Kyle Anderson from Logos software just published a fine article on how to use Bible dictionaries. He warns against simply reaching for a commentary when we are studying the Bible.
I heartily applaud this basic sentiment. As Christians, we are supposed to be enjoying the Bible, not reading the tale of how some other person enjoyed it. It is refreshing to read the following from Gordon Fee, in his NICNT commentary on First and Second Thessalonians (p. x): “…as has been my lifelong habit, I write the commentary first and then consult the secondary literature, making any necessary adjustments and adding the proper footnotes.” Of course, this is Gordon Fee, who is able to write a basic commentary on the text without any secondary literature, a feat far beyond what most of us can handle. Still, the ideal is the same.
How sad to realize that many commentary writers are spending much more time in the secondary literature than they are in the text of Scripture. This is one of the side effects of the multiplication of commentaries in the last few decades. Apart from the danger of intellectual inbreeding, we are running the danger of making the Bible a dry book, one which is not blessing, changing and surprising the commentators and through them the readers.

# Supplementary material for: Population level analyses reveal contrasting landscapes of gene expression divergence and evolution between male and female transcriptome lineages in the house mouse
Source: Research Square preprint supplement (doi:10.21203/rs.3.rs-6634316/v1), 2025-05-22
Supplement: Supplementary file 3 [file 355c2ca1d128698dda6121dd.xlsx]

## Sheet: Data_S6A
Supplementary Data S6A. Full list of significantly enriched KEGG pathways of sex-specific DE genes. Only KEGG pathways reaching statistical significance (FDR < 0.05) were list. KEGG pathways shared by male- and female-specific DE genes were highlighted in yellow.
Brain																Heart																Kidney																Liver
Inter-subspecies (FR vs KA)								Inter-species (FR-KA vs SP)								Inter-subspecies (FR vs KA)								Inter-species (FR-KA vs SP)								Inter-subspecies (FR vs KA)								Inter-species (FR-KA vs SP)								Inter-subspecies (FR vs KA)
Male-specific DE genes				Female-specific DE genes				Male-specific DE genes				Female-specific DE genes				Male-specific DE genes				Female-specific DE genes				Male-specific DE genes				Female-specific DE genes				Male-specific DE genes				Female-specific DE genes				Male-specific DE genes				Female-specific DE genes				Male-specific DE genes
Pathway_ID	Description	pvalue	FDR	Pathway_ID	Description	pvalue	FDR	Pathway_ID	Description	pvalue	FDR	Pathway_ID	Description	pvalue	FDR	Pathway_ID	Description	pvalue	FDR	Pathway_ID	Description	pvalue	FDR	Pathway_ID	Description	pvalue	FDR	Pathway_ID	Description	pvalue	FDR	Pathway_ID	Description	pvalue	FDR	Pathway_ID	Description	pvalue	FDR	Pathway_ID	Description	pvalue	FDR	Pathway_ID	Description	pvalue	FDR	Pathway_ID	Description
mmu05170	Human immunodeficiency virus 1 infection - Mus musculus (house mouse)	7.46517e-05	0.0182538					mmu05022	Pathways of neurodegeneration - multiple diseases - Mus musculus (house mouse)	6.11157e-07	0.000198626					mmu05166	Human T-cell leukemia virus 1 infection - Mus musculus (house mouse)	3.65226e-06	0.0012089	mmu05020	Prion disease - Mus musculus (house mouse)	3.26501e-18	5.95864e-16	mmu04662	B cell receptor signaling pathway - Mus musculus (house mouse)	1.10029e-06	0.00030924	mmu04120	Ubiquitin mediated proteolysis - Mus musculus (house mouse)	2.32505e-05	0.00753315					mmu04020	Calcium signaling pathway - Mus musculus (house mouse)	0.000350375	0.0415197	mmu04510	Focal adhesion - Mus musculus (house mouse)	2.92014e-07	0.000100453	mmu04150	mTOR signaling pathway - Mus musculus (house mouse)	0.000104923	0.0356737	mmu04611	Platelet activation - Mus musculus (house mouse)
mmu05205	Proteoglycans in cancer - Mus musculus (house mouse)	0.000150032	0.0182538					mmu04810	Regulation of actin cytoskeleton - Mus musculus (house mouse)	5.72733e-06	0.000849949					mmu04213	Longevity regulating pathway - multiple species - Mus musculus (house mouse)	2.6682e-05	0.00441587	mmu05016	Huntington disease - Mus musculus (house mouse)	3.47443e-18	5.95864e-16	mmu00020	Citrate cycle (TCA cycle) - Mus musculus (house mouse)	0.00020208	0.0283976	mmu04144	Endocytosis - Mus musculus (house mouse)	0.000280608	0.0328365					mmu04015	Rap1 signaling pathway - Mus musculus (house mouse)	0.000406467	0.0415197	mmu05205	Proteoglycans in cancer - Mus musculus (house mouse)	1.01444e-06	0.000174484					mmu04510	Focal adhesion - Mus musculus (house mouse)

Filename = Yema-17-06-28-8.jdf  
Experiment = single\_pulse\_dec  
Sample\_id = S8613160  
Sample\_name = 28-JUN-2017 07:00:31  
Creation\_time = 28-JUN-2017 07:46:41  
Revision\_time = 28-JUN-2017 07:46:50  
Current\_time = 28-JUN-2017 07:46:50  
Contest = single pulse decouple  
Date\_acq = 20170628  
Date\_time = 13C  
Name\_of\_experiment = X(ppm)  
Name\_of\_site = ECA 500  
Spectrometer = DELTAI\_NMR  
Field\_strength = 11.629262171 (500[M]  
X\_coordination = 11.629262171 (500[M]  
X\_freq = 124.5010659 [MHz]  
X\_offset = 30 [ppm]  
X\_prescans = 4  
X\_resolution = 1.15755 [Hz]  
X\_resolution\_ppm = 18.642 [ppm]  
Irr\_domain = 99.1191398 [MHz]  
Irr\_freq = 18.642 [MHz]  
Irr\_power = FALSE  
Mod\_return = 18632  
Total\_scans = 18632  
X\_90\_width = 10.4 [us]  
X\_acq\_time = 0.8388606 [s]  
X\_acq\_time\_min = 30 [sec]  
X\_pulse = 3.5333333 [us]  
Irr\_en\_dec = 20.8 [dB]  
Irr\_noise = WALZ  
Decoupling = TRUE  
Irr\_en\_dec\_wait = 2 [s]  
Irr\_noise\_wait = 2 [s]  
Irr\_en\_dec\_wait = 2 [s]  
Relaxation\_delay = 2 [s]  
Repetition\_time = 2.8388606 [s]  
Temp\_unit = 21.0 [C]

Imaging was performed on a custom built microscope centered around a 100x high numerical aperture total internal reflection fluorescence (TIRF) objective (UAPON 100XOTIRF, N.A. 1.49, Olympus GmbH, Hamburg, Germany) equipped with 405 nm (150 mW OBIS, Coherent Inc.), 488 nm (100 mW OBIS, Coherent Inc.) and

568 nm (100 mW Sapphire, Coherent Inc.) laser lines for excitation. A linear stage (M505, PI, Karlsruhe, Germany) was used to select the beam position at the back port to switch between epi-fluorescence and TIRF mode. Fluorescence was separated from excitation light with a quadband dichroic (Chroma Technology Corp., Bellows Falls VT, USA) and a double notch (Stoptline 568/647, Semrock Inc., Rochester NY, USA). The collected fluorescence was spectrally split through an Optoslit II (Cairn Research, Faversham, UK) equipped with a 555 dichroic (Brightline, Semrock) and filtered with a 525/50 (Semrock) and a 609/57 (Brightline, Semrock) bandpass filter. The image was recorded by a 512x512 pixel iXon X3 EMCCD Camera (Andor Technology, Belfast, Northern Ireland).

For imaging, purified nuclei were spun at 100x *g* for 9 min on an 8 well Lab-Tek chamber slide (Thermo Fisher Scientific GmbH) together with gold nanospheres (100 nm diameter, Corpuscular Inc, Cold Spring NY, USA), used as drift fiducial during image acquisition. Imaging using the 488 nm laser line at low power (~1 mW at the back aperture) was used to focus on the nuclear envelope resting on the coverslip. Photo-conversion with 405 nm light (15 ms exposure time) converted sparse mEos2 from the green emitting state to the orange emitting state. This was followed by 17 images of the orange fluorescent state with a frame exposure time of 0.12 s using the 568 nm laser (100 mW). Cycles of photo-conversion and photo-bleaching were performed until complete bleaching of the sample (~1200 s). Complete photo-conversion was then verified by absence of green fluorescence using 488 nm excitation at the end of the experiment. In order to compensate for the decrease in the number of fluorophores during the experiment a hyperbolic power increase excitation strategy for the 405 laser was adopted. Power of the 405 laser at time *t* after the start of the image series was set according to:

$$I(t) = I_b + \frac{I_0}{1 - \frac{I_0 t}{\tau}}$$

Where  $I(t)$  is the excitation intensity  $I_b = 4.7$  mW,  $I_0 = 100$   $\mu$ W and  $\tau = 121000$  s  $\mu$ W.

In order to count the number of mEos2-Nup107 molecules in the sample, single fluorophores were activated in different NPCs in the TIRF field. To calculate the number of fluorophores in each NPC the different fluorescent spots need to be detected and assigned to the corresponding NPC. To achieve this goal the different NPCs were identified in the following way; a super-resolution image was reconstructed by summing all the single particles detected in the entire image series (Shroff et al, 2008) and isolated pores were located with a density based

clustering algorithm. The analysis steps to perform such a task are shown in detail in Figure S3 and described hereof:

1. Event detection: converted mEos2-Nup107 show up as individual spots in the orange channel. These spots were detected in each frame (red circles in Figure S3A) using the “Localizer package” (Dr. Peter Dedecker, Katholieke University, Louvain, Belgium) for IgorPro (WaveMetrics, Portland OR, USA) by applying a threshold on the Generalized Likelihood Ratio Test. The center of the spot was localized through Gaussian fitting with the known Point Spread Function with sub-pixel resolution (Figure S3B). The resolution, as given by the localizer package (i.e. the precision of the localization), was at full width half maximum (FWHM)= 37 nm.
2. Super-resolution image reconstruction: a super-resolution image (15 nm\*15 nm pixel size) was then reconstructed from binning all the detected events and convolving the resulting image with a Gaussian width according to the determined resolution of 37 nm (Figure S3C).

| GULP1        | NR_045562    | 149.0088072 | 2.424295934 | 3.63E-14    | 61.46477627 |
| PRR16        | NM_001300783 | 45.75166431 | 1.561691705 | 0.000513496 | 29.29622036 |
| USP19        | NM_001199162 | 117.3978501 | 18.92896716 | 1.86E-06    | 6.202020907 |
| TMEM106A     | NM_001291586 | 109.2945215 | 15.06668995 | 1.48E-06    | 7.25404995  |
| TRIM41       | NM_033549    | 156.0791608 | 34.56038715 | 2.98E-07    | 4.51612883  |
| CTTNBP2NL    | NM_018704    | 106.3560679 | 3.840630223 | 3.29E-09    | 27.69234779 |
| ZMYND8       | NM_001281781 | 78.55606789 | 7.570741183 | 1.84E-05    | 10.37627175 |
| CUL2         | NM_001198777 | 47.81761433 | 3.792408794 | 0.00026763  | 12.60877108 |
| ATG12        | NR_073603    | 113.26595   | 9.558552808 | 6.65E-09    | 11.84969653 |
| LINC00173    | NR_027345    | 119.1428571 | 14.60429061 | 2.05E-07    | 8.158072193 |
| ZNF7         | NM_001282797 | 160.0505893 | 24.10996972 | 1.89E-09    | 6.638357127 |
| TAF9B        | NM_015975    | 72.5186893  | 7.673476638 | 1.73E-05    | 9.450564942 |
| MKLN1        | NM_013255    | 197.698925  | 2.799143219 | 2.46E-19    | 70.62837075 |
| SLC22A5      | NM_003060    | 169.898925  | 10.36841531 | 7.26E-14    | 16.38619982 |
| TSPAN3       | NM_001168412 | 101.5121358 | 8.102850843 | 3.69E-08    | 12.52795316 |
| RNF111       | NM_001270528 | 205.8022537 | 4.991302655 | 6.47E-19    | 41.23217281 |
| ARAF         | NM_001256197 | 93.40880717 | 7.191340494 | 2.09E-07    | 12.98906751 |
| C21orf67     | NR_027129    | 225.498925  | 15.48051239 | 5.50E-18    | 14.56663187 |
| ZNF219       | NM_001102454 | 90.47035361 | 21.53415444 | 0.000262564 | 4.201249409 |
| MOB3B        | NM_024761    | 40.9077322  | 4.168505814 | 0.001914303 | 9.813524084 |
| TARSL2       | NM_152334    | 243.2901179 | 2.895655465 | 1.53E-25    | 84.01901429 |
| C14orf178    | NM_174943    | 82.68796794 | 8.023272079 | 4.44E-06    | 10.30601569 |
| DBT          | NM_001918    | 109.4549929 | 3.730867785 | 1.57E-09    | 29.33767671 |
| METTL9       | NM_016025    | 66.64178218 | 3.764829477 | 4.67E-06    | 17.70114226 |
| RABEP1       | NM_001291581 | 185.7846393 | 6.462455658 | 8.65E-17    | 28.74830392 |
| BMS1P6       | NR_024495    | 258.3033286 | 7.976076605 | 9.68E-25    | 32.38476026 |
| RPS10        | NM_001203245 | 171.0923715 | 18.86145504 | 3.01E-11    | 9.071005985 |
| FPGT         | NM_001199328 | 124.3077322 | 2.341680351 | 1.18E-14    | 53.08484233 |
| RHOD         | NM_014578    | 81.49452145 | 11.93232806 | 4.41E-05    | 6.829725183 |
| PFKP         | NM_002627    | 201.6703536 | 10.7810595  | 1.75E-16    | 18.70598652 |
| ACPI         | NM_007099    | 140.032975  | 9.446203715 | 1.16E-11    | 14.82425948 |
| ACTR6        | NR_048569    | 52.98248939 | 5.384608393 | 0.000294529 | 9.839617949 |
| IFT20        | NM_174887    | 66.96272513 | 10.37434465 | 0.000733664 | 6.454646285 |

Anderson’s other point was that the Bible student might profit greatly from dictionaries and lexicons, on the assumption that they will provide useful linguistic and historical data for Bible study without robbing the student of the joy of his or her own exploration. On this point too I’m in full agreement, and in fact I typically follow that same practice.
On the other hand, the student should qualify Anderson’s blog with this caveat: dictionaries do not supply “objective” information as contrasted with the supposedly “subjective” commentaries. I regularly use the IVP dictionaries and access the Anchor Bible Dictionary almost daily; I have also written articles for both series. The author of these tools do not simply supply information; rather they supply information which they then interpret. In fact, sometimes the articles are written by people who have already published their opinions in commentaries.
While their purpose is to be as neutral as possible, full neutrality is a goal, not a reality. This is true for dictionaries, certainly in word study series such as TDNT, and to some extent even in basic Hebrew and Greek lexicons. In fact, in an odd twist, some Bible dictionaries quote from commentaries. The Bible student needs so discernment with all the available tools.
“Bible Commentaries and Dictionaries, a word of advice from Logos and myself,” by Gary S. Shogren, PhD en New Testament Exegesis, Professor at Seminario ESEPA, San José, Costa Rica